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Exacerbation of Obstructive Airway Disease by Timolol

Frederick L. Jones Jr, MD; Norman L. Ekberg, MD
JAMA. 1980;244(24):2730. doi:10.1001/jama.1980.03310240022015.
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To the Editor.—  Timolol maleate, a widely prescribed drug for treatment of glaucoma, is a nonselective β-adrenergic blocking agent. Its administration in the form of eyedrops to patients with obstructive airways disease may cause bronchoconstriction.1 Hence, it is imperative that those caring for patients with glaucoma, ophthalmologists and primary care physicians alike, appreciate the potentially harmful systemic effects of this valuable drug. We have seen three patients whose obstructive airway disease was aggravated by timolol therapy.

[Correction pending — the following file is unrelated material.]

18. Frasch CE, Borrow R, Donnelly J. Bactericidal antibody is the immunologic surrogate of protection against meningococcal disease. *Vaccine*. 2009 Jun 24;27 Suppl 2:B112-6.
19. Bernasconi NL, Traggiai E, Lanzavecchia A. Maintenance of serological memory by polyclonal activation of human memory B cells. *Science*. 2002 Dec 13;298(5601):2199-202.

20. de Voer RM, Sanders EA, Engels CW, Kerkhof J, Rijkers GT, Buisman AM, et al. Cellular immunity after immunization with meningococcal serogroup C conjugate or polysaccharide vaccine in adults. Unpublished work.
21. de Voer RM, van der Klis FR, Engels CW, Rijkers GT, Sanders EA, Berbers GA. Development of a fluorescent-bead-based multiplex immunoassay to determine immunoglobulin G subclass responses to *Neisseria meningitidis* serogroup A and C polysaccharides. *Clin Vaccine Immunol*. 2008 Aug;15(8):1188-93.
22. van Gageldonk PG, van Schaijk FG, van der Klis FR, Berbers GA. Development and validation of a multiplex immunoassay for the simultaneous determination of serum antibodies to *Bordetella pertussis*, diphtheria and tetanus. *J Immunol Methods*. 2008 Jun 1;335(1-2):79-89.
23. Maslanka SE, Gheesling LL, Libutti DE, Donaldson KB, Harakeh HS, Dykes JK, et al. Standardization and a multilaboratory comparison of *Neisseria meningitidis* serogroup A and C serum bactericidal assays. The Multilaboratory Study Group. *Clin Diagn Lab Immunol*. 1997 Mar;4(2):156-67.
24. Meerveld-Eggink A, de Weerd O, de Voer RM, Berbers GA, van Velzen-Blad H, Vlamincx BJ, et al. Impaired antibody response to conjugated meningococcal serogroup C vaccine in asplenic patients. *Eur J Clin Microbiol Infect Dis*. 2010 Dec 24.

Report of Cases.—Case 1.—  A 68-year-old man with severe emphysema received a single dose of 0.25% timolol maleate eyedrops. Soon thereafter he became severely dyspneic and required hospitalization. On examination he showed signs of severe airway obstruction. After several hours of intensive treatment with aminophylline, terbutaline sulfate, and corticosteroids, his respiratory status returned to normal. He has had no further such attacks in the succeeding six months.

Case 2.—  A 73-year-old


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